WASHINGTON - The Trump administration
announced on Monday a new effort to speed
environmental reviews for major
infrastructure projects, a White House
U.S. President Donald Trump delivers remarks
on the Infrastructure Initiative at the
Local 18 Richfield Training Site in
Richfield, Ohio, U.S., March 29, 2018.
U.S. President Donald Trump has made
shortening the often lengthy timetable to
get approvals for new highways, runways and
other projects a key focus of his
infrastructure reform plans.
Trump presided over the signing of the
“One Federal Decision” memorandum of
understanding by members of his cabinet
after a meeting with agency heads.
The signers include the heads of the
Interior, Agriculture, Commerce, Housing and
Urban Development, Transportation, Energy,
and Homeland Security departments, as well
as the Environmental Protection Agency, U.S.
Army Corps of Engineers, Federal Energy
Regulatory Commission and Advisory Council
on Historic Preservation.
The memorandum says “one lead federal
agency will be responsible for navigating
major infrastructure projects through the
entire Federal environmental review and
The agencies will work to develop a
single environmental Impact Statement and
sign a single record of decision and the
lead agency will seek written agreement from
other agencies at key points. It also seeks
to try to quickly resolve interagency
Representative Bill Shuster, who heads
the House Transportation Committee, called
the move allowed under a 2015 law a
“positive step forward in the fight against
inefficient, bureaucratic permitting.”
Scott Slesinger, legislative director of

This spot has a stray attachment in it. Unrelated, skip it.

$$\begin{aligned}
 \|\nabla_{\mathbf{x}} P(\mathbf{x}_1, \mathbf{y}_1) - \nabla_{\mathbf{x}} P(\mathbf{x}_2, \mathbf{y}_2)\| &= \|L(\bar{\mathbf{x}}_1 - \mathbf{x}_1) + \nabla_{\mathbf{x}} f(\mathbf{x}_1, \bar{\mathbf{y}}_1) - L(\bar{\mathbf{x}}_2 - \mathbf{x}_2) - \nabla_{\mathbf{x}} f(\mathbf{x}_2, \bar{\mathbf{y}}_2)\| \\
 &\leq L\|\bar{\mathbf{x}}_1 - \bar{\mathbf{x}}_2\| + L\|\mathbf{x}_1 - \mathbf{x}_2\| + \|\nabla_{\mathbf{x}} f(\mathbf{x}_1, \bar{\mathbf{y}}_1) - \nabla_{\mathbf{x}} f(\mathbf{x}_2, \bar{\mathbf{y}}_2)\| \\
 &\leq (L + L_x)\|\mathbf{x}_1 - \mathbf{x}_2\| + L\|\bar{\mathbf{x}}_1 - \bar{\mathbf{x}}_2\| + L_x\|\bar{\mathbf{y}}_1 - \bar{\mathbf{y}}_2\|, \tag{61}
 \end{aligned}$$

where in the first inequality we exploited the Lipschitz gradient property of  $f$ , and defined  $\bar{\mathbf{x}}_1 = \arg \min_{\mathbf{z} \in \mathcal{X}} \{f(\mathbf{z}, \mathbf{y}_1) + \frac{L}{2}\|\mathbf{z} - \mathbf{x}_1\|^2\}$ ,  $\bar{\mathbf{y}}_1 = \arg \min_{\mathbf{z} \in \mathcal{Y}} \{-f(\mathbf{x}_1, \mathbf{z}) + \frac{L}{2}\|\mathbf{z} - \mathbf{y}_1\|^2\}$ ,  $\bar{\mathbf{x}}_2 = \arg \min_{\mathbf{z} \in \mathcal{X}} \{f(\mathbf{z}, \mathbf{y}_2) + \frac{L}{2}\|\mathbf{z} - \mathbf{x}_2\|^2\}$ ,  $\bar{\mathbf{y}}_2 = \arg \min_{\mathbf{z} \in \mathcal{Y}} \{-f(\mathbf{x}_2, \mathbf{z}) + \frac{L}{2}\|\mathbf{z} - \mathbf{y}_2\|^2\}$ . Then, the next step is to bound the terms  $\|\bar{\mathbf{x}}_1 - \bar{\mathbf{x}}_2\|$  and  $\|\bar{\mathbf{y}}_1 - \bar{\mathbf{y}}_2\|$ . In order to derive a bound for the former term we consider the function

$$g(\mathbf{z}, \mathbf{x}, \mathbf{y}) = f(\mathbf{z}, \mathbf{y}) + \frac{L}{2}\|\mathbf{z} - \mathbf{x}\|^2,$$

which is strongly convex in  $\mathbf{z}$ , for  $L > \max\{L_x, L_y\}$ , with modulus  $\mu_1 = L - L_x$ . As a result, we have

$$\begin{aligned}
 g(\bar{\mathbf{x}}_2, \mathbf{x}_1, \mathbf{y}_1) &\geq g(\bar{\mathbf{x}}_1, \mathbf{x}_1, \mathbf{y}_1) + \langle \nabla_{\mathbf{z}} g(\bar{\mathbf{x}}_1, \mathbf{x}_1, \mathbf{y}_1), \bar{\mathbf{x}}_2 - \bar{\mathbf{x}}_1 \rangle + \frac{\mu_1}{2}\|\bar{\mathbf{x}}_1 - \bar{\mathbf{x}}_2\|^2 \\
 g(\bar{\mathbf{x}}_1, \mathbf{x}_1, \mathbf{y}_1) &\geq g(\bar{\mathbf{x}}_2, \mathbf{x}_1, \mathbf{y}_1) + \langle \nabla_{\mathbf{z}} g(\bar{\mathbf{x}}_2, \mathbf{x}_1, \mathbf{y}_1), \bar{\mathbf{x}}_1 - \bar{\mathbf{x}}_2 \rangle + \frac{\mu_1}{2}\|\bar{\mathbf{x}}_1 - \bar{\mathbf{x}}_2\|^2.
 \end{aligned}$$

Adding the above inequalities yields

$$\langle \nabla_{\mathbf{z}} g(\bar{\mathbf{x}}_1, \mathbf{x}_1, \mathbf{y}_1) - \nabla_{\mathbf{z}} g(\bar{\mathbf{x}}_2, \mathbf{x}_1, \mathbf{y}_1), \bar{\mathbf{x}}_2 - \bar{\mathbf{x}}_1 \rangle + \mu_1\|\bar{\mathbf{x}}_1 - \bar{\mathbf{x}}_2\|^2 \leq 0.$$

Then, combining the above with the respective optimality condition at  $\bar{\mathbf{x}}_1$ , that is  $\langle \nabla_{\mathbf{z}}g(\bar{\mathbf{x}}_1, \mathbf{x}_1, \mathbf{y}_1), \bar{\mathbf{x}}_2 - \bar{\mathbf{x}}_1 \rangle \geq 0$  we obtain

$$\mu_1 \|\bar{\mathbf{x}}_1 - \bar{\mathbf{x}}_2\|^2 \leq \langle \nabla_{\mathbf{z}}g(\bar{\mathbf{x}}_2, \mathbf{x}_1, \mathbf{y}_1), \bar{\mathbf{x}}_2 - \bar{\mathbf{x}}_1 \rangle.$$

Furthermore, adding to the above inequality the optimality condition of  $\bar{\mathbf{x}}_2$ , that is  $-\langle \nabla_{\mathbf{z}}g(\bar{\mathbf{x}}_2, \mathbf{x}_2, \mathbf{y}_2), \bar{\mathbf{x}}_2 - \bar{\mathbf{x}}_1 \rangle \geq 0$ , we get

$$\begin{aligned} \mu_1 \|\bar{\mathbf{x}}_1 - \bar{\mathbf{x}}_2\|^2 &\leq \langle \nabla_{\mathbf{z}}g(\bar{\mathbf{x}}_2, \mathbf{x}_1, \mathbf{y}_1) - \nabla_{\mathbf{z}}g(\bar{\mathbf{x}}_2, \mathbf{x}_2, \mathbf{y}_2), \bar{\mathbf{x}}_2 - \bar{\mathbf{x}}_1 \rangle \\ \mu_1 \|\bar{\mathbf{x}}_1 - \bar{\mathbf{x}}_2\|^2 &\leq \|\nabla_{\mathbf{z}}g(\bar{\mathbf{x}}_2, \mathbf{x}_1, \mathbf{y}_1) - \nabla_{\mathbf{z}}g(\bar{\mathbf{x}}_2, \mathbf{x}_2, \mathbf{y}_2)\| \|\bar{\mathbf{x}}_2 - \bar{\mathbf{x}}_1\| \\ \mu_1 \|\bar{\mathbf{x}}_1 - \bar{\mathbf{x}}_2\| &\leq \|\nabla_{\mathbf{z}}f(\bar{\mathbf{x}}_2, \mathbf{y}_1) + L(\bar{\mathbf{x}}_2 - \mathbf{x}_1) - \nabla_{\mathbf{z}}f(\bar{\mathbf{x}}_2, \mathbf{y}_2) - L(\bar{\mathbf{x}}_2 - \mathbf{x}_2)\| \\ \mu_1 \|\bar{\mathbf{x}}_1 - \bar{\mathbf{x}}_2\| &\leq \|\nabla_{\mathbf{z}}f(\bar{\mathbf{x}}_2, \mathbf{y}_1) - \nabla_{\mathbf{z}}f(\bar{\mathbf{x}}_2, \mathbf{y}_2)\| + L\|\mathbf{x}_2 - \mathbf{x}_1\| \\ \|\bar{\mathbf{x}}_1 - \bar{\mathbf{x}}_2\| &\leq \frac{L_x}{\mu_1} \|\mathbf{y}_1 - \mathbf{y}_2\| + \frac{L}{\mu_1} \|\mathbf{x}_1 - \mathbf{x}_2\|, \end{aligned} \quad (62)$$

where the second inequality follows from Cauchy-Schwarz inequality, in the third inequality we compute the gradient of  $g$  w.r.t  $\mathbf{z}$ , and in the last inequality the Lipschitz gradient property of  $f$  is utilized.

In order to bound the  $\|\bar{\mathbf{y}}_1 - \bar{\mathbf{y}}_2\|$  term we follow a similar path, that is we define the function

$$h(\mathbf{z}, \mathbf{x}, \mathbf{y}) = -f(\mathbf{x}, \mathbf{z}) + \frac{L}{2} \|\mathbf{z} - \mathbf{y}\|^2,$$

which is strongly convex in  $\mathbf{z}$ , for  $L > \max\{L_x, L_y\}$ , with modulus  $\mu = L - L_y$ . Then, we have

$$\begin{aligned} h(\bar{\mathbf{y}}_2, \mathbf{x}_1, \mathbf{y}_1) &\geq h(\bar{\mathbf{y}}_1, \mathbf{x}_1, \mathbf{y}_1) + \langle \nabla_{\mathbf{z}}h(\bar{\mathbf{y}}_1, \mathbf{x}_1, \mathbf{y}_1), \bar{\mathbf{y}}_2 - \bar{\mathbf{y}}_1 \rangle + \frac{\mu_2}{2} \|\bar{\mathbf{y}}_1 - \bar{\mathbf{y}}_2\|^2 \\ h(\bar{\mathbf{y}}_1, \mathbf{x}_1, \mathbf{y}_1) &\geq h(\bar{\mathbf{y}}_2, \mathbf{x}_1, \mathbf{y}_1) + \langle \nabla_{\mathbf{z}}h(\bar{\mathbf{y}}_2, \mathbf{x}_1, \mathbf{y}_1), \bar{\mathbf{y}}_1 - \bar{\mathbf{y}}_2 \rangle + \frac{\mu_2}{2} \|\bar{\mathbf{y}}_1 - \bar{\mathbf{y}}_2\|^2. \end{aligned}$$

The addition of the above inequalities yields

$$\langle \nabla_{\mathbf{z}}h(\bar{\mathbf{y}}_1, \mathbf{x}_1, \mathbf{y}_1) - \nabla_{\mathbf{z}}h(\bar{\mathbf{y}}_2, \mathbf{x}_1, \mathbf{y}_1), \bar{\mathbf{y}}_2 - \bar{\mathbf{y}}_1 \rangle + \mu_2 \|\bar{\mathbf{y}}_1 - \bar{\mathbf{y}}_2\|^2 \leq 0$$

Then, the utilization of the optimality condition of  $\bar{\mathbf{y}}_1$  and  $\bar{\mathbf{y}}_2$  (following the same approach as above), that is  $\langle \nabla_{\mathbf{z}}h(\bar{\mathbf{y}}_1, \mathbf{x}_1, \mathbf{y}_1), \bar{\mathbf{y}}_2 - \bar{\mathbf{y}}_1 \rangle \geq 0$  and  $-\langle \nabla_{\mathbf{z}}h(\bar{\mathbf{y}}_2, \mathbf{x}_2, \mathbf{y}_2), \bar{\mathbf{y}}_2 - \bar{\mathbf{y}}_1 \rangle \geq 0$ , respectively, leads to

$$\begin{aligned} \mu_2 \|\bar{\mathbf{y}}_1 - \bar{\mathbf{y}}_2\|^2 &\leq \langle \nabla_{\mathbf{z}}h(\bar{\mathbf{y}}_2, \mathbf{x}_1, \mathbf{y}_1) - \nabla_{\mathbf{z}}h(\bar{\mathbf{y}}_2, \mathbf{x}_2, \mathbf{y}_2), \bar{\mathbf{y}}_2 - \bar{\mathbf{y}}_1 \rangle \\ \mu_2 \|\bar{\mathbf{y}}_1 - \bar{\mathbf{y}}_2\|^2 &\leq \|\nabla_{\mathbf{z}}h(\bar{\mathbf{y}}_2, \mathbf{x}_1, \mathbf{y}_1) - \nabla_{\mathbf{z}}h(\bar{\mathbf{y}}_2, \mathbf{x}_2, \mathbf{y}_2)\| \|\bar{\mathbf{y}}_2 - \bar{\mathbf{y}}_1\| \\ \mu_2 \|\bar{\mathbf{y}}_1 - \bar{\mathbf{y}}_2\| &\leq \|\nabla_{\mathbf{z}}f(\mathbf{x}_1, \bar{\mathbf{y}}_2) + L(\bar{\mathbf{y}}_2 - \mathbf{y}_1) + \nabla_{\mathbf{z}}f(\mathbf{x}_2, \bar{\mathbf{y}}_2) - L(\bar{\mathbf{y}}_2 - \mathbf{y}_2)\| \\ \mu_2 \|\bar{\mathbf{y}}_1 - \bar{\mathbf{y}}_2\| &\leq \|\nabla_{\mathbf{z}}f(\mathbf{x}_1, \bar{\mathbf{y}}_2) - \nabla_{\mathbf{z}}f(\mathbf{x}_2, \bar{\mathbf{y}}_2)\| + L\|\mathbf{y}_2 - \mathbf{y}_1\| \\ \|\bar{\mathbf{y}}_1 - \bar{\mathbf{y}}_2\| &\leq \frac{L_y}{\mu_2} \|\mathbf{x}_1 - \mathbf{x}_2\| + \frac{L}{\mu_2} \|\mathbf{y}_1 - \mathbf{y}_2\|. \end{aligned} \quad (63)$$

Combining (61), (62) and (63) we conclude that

the Natural Resources Defense Council, said
local residents should have input in major
projects and downplayed the memorandum.
“Trump’s much ballyhooed infrastructure
plan has been diminished to little more than
an ideological attack on environmental
safeguards,” Slesinger said.
In August, Trump signed an executive
order directing that agencies use the
process for major infrastructure projects.
Trump has vowed to end “the painfully
slow, costly and time-consuming process for
getting permits and approvals to build.”
The Republican president, who was a New
York-based real state developer before
taking office, has repeatedly decried the
process of winning approval for highway
permitting. “It includes 16 different
approvals involving 10 different federal
agencies being governed by 26 different
statutes,” Trump said last year.
In February, Trump unveiled a
long-awaited infrastructure plan designed to
encourage spending on improvements by
states, localities and private investors,
but it faces an uncertain fate in Congress.
Trump asked Congress to authorize $200
billion over 10 years to spur a projected
$1.5 trillion in road, bridge and other
The proposal has come under fire from
Democrats who said it would put a huge
burden on local governments without
providing enough federal dollars.
Trump’s proposal also seeks legislative
approval to sweep away environmental and
other regulatory hurdles to new projects.
Trump’s top infrastructure adviser D.J.
Gribbin is expected to depart the White
House later this week, an administration
official said Monday. The administration is
considering a number of potential candidates
to replace him.